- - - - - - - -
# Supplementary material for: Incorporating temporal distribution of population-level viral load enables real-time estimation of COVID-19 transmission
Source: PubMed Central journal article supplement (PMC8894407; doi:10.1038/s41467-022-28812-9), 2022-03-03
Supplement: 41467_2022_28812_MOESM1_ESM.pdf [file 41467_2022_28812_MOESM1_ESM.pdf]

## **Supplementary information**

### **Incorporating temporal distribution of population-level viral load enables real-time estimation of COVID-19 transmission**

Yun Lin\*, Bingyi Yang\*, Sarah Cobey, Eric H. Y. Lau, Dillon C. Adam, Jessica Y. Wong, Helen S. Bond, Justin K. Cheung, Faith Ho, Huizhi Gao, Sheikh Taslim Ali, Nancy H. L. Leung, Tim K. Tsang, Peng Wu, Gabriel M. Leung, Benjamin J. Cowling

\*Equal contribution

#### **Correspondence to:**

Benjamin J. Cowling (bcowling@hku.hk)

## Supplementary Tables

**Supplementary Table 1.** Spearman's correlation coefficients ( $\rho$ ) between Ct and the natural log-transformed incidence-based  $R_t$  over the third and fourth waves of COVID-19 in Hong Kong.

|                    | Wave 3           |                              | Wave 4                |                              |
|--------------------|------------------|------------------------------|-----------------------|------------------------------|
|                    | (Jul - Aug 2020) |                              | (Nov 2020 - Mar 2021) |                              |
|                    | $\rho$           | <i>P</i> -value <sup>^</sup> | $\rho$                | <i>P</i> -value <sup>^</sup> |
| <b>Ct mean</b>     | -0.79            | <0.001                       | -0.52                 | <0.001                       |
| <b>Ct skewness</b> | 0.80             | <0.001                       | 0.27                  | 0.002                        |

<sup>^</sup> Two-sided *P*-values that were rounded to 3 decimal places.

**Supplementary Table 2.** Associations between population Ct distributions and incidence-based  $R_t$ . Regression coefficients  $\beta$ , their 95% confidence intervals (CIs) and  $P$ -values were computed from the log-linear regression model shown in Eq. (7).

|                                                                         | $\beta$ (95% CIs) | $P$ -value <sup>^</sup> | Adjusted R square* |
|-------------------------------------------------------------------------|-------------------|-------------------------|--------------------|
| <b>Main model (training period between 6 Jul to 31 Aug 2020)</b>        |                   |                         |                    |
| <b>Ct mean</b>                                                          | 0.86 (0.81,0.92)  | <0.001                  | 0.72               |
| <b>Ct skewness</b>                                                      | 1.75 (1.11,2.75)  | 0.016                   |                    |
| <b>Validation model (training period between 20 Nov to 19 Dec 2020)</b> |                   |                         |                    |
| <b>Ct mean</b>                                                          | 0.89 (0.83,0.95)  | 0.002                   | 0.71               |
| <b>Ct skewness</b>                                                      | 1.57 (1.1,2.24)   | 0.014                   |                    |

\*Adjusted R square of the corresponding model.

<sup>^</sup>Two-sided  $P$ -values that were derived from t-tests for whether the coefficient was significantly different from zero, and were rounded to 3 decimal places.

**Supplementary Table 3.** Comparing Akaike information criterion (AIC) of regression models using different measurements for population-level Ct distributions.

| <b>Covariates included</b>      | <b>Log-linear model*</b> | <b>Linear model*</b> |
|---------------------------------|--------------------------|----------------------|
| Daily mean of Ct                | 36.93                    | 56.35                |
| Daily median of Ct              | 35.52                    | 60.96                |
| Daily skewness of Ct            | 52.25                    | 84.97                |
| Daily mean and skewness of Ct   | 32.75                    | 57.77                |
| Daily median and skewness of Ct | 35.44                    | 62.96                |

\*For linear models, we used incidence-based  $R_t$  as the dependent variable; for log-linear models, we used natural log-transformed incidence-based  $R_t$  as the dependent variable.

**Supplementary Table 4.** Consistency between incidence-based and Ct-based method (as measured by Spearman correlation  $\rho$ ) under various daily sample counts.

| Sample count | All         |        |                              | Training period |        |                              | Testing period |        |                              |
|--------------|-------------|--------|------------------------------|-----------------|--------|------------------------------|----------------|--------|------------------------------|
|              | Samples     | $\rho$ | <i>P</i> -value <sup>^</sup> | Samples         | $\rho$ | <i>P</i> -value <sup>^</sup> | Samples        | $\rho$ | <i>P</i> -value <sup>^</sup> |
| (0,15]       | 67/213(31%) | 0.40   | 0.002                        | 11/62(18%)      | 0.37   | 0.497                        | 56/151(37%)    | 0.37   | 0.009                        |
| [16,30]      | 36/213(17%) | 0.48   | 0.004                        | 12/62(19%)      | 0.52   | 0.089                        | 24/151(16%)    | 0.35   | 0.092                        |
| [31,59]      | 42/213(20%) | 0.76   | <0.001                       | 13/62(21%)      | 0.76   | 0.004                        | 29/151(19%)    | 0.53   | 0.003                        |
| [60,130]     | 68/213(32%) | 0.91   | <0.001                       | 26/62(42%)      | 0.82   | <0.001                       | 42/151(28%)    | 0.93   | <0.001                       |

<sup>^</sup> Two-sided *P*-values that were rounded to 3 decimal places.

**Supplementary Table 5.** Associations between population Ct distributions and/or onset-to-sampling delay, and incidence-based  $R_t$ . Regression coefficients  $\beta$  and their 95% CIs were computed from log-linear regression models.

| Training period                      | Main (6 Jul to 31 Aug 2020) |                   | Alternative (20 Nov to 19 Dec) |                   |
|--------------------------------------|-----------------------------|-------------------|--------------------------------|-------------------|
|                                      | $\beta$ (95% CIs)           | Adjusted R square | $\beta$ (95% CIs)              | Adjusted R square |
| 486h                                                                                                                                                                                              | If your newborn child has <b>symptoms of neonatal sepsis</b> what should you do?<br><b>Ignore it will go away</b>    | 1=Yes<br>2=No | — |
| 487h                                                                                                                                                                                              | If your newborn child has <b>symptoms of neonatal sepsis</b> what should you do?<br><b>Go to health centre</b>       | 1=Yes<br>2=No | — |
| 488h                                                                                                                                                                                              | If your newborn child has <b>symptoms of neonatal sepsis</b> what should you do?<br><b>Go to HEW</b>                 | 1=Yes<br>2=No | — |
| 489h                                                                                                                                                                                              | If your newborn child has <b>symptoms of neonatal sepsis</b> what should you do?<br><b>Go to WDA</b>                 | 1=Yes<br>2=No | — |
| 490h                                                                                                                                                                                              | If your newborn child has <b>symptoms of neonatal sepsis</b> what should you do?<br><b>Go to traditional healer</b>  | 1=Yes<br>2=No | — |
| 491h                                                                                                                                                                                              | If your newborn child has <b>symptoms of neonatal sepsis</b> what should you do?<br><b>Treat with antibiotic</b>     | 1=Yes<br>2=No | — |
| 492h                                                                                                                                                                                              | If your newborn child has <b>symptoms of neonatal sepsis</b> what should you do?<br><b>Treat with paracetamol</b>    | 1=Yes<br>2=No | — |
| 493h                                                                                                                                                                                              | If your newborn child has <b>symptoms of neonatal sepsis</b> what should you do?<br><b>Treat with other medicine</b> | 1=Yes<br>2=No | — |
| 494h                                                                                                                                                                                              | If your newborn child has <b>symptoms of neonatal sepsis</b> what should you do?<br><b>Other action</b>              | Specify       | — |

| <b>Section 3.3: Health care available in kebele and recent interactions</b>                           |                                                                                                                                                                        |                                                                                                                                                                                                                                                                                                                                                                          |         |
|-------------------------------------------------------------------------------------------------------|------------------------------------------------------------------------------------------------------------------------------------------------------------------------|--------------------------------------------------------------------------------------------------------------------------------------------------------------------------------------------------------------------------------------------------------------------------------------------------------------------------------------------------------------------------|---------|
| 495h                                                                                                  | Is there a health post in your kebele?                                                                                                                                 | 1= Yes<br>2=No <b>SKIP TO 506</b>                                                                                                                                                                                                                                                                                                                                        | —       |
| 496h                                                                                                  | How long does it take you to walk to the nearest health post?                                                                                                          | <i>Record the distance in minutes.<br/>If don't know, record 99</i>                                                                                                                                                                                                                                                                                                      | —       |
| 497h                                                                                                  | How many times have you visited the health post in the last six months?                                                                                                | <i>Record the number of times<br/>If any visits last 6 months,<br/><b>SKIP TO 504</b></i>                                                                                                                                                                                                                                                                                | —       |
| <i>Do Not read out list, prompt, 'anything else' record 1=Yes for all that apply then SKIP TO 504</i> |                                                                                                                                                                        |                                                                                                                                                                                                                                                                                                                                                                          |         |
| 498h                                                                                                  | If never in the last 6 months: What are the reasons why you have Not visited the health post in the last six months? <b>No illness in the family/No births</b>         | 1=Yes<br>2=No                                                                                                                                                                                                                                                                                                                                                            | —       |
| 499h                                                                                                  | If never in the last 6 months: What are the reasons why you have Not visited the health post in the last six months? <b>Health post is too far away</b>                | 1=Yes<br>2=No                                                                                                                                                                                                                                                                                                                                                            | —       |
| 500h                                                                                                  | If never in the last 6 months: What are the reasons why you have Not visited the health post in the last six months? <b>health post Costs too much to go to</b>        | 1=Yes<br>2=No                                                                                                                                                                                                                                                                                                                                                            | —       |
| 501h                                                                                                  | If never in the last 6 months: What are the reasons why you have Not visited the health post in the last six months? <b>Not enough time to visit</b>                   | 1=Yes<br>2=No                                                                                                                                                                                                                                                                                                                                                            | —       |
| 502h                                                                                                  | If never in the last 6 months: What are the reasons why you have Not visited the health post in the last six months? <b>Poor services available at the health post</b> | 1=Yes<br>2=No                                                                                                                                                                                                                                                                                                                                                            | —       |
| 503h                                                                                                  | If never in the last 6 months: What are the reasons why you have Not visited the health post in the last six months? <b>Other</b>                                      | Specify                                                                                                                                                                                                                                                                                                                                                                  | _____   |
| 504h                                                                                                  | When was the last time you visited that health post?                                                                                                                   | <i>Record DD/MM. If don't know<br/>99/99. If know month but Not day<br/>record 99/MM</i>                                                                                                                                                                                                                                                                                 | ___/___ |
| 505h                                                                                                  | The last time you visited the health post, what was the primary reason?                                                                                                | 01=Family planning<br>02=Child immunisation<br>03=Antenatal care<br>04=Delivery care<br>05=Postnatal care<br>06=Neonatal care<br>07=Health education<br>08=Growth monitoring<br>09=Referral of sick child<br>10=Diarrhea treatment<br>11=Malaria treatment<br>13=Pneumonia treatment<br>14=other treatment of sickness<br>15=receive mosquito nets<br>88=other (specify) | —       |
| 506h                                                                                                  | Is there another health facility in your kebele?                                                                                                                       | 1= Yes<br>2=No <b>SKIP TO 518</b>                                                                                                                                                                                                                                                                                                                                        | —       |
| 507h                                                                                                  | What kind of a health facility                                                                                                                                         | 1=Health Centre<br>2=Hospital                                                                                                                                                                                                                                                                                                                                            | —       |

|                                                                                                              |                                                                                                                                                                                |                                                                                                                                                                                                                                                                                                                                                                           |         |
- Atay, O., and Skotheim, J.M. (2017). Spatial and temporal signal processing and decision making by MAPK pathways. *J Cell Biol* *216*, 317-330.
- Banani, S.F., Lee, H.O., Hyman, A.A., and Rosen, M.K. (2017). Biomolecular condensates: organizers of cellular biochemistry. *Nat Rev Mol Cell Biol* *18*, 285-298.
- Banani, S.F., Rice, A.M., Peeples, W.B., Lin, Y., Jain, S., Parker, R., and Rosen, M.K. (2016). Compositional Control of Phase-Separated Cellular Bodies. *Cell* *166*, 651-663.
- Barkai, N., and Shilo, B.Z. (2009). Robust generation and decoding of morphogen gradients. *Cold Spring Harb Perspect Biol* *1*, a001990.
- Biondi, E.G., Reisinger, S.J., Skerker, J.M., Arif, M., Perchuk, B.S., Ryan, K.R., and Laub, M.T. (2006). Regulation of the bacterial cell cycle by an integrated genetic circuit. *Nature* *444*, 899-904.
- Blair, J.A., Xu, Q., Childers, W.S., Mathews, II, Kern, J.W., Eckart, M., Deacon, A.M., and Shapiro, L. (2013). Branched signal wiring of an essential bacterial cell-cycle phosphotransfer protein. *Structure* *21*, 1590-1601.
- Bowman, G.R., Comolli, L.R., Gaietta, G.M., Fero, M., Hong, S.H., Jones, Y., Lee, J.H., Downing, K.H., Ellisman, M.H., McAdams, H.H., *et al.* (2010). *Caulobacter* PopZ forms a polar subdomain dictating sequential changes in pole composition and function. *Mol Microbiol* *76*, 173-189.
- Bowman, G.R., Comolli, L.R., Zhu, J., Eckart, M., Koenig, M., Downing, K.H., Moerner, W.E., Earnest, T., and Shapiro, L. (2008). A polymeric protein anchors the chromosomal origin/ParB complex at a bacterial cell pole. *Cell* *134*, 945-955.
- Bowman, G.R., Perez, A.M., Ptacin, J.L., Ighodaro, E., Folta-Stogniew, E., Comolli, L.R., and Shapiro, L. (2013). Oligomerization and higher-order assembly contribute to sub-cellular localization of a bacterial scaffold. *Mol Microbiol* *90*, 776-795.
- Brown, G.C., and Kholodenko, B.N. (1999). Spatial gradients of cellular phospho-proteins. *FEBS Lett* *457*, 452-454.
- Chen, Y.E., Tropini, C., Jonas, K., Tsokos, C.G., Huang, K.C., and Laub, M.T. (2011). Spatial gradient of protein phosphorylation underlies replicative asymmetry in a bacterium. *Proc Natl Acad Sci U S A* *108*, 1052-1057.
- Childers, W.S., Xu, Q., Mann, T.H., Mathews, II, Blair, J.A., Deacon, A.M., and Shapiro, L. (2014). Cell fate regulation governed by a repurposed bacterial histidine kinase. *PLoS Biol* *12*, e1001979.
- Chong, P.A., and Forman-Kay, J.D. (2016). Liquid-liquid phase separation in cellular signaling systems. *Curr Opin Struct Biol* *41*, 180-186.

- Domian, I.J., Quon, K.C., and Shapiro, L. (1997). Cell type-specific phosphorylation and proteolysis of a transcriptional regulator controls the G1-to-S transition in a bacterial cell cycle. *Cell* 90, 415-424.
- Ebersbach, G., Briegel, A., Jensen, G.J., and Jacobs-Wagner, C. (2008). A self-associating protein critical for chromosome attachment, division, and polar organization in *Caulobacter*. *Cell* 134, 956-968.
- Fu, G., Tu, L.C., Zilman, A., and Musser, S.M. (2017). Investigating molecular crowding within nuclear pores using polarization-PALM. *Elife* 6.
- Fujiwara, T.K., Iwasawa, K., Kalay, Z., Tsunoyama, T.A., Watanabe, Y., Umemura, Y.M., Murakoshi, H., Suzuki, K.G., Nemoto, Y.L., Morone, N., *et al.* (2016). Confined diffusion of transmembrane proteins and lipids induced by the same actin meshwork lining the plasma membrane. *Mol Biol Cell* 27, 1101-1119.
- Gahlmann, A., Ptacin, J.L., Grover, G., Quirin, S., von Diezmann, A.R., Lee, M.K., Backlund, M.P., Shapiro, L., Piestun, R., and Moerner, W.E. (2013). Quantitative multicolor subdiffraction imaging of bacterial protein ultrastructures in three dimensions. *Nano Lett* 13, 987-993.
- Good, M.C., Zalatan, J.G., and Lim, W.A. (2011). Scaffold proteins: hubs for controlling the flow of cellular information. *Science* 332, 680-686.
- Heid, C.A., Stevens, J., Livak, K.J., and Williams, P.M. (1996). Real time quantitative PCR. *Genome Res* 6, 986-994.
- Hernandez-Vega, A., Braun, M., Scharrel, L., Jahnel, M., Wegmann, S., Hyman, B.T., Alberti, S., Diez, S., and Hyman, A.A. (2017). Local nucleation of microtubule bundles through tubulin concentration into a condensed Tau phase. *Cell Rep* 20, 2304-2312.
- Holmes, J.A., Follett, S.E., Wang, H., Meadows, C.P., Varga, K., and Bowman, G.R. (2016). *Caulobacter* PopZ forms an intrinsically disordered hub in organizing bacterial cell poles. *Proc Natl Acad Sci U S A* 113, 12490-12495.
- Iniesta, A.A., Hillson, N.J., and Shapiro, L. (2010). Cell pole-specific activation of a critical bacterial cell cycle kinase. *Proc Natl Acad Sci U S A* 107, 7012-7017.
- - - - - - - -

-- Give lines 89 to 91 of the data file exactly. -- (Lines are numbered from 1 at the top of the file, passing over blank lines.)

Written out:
- Childers, W.S., Xu, Q., Mann, T.H., Mathews, II, Blair, J.A., Deacon, A.M., and Shapiro, L. (2014). Cell fate regulation governed by a repurposed bacterial histidine kinase. *PLoS Biol* *12*, e1001979.
- Chong, P.A., and Forman-Kay, J.D. (2016). Liquid-liquid phase separation in cellular signaling systems. *Curr Opin Struct Biol* *41*, 180-186.

- Domian, I.J., Quon, K.C., and Shapiro, L. (1997). Cell type-specific phosphorylation and proteolysis of a transcriptional regulator controls the G1-to-S transition in a bacterial cell cycle. *Cell* 90, 415-424.